I got 21 litres of really delicious Honey Blonde Ale, which is a little less than the yield on the kit, but one of the buckets (and the sediment inside) got stirred up a bit during the siphoning into bottles, so I decided to pitch it rather than risk very cloudy ale. I am incredibly happy with the results, and My Englishman is impressed. We’re still enjoying the fruits of my labour.
I didn’t have a hydrometer for this first batch, so I can’t tell you exactly how strong it is, but I would put it in the 5.5-6.5% range. The brewing process takes just short of 3 weeks, then the ale conditions in the bottles for another 2 weeks. That’s 5 weeks from start to finish.
On the same day I bought the beer kit, I also went to a farm supply store and bought a 20kg sack of seed barley. From there I took it home, and following the instructions in this short ebook, I malted 4kg in my oven.
It’s a warm, homey smell, and I can now safely say I know exactly what the malting shed on The Ridge smelled like.
A much trickier (and less likely to succeed) experiment used organic apples and juice to attempt to produce a yeast culture. I won’t show you the after picture from 3 days later, but I will tell you Claire would have been happy to test a sample for penicillin spores.
Good thing I bought a few packages of brewers yeast, eh?
I may try again. It’s a very difficult thing to do, but harvest time is a good time to try, when the apples are fresh off the tree and the juice is just pressed.
After the malted barley had sat in a cool dark place for about a month to develop its sugars, it was time to make my first mash. Grinding baked, unhulled barley in a food processor is an almost-violent process. It’s LOUD and hard on the machine.
As you already know, this batch was unsuccessful, so I’m not giving you a step by step process until I’ve achieved consistent success. However, if you do find yourself giving homemade malting a try one day, you’ll want to clear the room and tell everyone not to come back for at least 20 minutes. It takes that long to get a fine enough grind. Or, you can buy malt powder at a home brew store. I won’t tell anyone.
I mixed my homemade malt powder with half the amount of rolled oats, then brewed it with successive additions of boiling water. It was basically a big tub of oatmeal that I strained after several hours.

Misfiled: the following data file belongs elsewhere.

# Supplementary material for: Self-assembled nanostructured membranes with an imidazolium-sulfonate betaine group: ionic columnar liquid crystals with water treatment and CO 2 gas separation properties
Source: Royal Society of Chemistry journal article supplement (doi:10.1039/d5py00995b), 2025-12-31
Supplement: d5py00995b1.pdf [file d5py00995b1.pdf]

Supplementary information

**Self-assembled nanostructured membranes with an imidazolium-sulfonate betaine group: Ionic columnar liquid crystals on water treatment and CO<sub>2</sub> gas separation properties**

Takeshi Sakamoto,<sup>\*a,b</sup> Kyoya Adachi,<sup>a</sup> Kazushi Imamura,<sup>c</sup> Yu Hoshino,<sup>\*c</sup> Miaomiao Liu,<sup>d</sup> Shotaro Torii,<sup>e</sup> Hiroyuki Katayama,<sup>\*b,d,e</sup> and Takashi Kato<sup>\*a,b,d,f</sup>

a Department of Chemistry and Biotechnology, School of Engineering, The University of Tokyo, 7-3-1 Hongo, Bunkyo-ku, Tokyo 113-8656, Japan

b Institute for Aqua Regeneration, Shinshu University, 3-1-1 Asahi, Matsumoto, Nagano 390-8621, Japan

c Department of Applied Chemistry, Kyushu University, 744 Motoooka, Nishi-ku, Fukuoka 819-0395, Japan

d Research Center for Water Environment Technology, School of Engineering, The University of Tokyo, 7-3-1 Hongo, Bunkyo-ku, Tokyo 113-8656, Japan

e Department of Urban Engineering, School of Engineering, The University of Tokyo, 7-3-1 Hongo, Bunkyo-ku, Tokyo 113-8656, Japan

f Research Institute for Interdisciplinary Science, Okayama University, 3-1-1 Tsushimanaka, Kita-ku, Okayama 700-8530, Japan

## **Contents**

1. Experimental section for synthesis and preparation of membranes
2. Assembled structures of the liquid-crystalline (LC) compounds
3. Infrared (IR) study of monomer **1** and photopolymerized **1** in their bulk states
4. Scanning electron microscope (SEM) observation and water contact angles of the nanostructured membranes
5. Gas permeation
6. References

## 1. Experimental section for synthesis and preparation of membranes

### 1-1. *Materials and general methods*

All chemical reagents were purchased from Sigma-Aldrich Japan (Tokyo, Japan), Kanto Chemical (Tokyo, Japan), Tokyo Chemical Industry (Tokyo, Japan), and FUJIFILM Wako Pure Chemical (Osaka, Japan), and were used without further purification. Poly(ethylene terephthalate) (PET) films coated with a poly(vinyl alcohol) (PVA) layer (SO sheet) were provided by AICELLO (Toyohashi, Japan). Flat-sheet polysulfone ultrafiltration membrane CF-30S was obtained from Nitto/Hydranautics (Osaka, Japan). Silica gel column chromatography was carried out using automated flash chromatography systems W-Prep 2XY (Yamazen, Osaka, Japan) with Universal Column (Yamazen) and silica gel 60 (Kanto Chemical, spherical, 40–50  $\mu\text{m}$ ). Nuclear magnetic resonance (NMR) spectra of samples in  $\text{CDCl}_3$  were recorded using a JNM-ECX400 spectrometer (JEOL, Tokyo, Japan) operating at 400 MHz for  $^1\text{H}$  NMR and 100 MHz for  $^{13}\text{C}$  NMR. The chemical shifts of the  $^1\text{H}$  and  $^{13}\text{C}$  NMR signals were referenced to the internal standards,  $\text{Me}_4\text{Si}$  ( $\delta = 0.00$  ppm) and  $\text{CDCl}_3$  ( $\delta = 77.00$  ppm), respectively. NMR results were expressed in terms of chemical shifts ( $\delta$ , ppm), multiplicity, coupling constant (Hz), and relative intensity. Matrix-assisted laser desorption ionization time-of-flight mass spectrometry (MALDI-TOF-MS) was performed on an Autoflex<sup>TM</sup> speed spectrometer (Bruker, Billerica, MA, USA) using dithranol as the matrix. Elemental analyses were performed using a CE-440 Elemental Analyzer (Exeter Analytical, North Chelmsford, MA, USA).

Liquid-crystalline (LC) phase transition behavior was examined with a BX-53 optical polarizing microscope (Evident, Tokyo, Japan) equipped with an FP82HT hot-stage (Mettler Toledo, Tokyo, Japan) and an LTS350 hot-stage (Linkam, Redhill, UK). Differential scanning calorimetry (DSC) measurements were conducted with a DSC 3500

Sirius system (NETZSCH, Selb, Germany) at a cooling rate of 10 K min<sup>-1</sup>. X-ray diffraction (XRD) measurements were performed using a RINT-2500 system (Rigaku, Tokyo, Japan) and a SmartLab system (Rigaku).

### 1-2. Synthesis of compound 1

After it had cooled to body temperature, I pitched in my package of brewer’s yeast into the brew and covered it securely. The pic above shows it happily bubbling away the next day.
Once again, absolutely everything used in the process must be sanitized. As well, the more often you open the container to check on things, the bigger chance there is that airborne microbes will get in and spoil all your hard work. (Which is what I suspect happened to this batch.)
Something happened between day 4 and day 5…all was well, and then it wasn’t. I’ll spare you the gory details and end the story by dumping the contents of the bucket in the compost and airing out the house.
I turned a couple of cups of the leftover mash into dog biscuits along with an egg, 1/2 cup of peanut butter and enough flour to make a cookie dough. I baked them in a 350 F oven until dry and crunchy.
Our dog is pretty small, so I threw the bulk of the mash onto the compost pile.
I still have enough malted barley to try again. I hope to start the next batch early this week, to have it finished in time for our departure.
You see, we’re going to Scotland! Two weeks in the Highlands is in my immediate future!
Any tips for sightseeing, or home brewing for that matter? Please leave a comment below.